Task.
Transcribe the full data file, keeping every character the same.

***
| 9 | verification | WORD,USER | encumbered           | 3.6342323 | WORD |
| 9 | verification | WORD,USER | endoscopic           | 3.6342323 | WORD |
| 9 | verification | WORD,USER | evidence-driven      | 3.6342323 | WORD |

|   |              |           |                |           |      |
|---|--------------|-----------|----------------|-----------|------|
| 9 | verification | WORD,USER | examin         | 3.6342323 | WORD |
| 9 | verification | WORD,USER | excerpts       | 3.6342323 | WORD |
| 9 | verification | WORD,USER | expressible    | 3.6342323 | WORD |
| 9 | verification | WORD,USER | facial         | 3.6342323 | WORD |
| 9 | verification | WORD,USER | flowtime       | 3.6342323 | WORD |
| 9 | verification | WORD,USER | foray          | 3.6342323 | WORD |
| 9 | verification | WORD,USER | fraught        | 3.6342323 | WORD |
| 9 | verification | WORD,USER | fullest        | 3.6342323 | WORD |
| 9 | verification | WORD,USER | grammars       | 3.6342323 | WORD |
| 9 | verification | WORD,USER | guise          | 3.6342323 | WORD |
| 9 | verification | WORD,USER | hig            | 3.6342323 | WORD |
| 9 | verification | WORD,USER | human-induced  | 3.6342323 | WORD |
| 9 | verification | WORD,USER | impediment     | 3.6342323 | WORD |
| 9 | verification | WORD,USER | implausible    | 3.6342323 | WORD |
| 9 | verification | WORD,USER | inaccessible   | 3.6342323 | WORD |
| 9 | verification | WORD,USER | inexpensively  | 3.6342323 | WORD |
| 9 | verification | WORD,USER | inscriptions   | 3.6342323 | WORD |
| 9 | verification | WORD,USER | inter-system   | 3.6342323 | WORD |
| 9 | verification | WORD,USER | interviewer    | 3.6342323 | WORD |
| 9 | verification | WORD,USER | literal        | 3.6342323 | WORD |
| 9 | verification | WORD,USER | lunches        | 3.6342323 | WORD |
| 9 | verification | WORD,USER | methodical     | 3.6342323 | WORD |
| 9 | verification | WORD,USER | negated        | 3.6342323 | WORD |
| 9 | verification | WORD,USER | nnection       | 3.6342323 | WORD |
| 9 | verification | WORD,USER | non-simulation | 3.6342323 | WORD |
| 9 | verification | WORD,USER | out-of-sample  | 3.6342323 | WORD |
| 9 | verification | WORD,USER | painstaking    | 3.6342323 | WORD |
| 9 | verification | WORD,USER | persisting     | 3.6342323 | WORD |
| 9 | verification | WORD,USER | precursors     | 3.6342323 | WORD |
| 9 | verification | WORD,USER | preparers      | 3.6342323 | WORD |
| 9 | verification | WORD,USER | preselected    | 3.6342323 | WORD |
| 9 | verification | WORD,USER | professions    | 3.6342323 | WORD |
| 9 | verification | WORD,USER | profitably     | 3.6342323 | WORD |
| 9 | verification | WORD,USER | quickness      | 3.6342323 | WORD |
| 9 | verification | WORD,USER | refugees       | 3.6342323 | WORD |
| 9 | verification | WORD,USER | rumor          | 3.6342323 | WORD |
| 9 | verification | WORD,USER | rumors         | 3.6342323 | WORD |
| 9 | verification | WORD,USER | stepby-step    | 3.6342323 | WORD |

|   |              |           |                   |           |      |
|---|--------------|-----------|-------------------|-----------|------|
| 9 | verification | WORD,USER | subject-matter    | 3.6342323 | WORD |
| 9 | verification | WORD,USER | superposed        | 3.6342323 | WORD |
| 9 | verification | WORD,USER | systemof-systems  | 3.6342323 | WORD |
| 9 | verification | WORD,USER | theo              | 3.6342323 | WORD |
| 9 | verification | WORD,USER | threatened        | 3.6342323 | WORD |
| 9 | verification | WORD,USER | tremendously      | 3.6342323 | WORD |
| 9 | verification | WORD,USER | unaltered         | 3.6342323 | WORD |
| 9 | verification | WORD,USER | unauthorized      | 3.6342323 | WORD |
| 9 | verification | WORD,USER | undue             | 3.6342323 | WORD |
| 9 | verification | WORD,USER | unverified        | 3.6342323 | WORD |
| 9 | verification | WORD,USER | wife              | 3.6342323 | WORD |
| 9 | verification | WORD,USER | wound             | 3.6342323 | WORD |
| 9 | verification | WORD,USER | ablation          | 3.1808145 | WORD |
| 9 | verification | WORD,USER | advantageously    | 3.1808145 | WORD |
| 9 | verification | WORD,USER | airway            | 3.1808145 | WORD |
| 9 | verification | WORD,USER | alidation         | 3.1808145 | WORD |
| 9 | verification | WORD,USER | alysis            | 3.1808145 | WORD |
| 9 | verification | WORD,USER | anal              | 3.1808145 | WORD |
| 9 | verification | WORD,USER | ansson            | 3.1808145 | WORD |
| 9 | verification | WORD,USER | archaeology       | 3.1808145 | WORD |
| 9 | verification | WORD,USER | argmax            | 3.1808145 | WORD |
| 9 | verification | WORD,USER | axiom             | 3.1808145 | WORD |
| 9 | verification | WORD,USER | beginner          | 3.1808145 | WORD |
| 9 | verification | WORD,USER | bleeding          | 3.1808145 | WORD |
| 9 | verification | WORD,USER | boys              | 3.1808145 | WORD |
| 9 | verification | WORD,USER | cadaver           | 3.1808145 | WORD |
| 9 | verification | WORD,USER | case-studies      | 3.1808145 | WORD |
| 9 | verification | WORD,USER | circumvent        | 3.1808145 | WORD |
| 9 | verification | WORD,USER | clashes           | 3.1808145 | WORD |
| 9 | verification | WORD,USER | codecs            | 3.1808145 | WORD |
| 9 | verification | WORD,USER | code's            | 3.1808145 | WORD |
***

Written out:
| 9 | verification | WORD,USER | encumbered           | 3.6342323 | WORD |
| 9 | verification | WORD,USER | endoscopic           | 3.6342323 | WORD |
| 9 | verification | WORD,USER | evidence-driven      | 3.6342323 | WORD |

|   |              |           |                |           |      |
|---|--------------|-----------|----------------|-----------|------|
| 9 | verification | WORD,USER | examin         | 3.6342323 | WORD |
| 9 | verification | WORD,USER | excerpts       | 3.6342323 | WORD |
| 9 | verification | WORD,USER | expressible    | 3.6342323 | WORD |
| 9 | verification | WORD,USER | facial         | 3.6342323 | WORD |
| 9 | verification | WORD,USER | flowtime       | 3.6342323 | WORD |
| 9 | verification | WORD,USER | foray          | 3.6342323 | WORD |
| 9 | verification | WORD,USER | fraught        | 3.6342323 | WORD |
| 9 | verification | WORD,USER | fullest        | 3.6342323 | WORD |
| 9 | verification | WORD,USER | grammars       | 3.6342323 | WORD |
| 9 | verification | WORD,USER | guise          | 3.6342323 | WORD |
| 9 | verification | WORD,USER | hig            | 3.6342323 | WORD |
| 9 | verification | WORD,USER | human-induced  | 3.6342323 | WORD |
| 9 | verification | WORD,USER | impediment     | 3.6342323 | WORD |
| 9 | verification | WORD,USER | implausible    | 3.6342323 | WORD |
| 9 | verification | WORD,USER | inaccessible   | 3.6342323 | WORD |
| 9 | verification | WORD,USER | inexpensively  | 3.6342323 | WORD |
| 9 | verification | WORD,USER | inscriptions   | 3.6342323 | WORD |
| 9 | verification | WORD,USER | inter-system   | 3.6342323 | WORD |
| 9 | verification | WORD,USER | interviewer    | 3.6342323 | WORD |
| 9 | verification | WORD,USER | literal        | 3.6342323 | WORD |
| 9 | verification | WORD,USER | lunches        | 3.6342323 | WORD |
| 9 | verification | WORD,USER | methodical     | 3.6342323 | WORD |
| 9 | verification | WORD,USER | negated        | 3.6342323 | WORD |
| 9 | verification | WORD,USER | nnection       | 3.6342323 | WORD |
| 9 | verification | WORD,USER | non-simulation | 3.6342323 | WORD |
| 9 | verification | WORD,USER | out-of-sample  | 3.6342323 | WORD |
| 9 | verification | WORD,USER | painstaking    | 3.6342323 | WORD |
| 9 | verification | WORD,USER | persisting     | 3.6342323 | WORD |
| 9 | verification | WORD,USER | precursors     | 3.6342323 | WORD |
| 9 | verification | WORD,USER | preparers      | 3.6342323 | WORD |
| 9 | verification | WORD,USER | preselected    | 3.6342323 | WORD |
| 9 | verification | WORD,USER | professions    | 3.6342323 | WORD |
| 9 | verification | WORD,USER | profitably     | 3.6342323 | WORD |
| 9 | verification | WORD,USER | quickness      | 3.6342323 | WORD |
| 9 | verification | WORD,USER | refugees       | 3.6342323 | WORD |
| 9 | verification | WORD,USER | rumor          | 3.6342323 | WORD |
| 9 | verification | WORD,USER | rumors         | 3.6342323 | WORD |
| 9 | verification | WORD,USER | stepby-step    | 3.6342323 | WORD |

|   |              |           |                   |           |      |
|---|--------------|-----------|-------------------|-----------|------|
| 9 | verification | WORD,USER | subject-matter    | 3.6342323 | WORD |
| 9 | verification | WORD,USER | superposed        | 3.6342323 | WORD |
| 9 | verification | WORD,USER | systemof-systems  | 3.6342323 | WORD |
| 9 | verification | WORD,USER | theo              | 3.6342323 | WORD |
| 9 | verification | WORD,USER | threatened        | 3.6342323 | WORD |
| 9 | verification | WORD,USER | tremendously      | 3.6342323 | WORD |
| 9 | verification | WORD,USER | unaltered         | 3.6342323 | WORD |
| 9 | verification | WORD,USER | unauthorized      | 3.6342323 | WORD |
| 9 | verification | WORD,USER | undue             | 3.6342323 | WORD |
| 9 | verification | WORD,USER | unverified        | 3.6342323 | WORD |
| 9 | verification | WORD,USER | wife              | 3.6342323 | WORD |
| 9 | verification | WORD,USER | wound             | 3.6342323 | WORD |
| 9 | verification | WORD,USER | ablation          | 3.1808145 | WORD |
| 9 | verification | WORD,USER | advantageously    | 3.1808145 | WORD |
| 9 | verification | WORD,USER | airway            | 3.1808145 | WORD |
| 9 | verification | WORD,USER | alidation         | 3.1808145 | WORD |
| 9 | verification | WORD,USER | alysis            | 3.1808145 | WORD |
| 9 | verification | WORD,USER | anal              | 3.1808145 | WORD |
| 9 | verification | WORD,USER | ansson            | 3.1808145 | WORD |
| 9 | verification | WORD,USER | archaeology       | 3.1808145 | WORD |
| 9 | verification | WORD,USER | argmax            | 3.1808145 | WORD |
| 9 | verification | WORD,USER | axiom             | 3.1808145 | WORD |
| 9 | verification | WORD,USER | beginner          | 3.1808145 | WORD |
| 9 | verification | WORD,USER | bleeding          | 3.1808145 | WORD |
| 9 | verification | WORD,USER | boys              | 3.1808145 | WORD |
| 9 | verification | WORD,USER | cadaver           | 3.1808145 | WORD |
| 9 | verification | WORD,USER | case-studies      | 3.1808145 | WORD |
| 9 | verification | WORD,USER | circumvent        | 3.1808145 | WORD |
| 9 | verification | WORD,USER | clashes           | 3.1808145 | WORD |
| 9 | verification | WORD,USER | codecs            | 3.1808145 | WORD |
| 9 | verification | WORD,USER | code's            | 3.1808145 | WORD |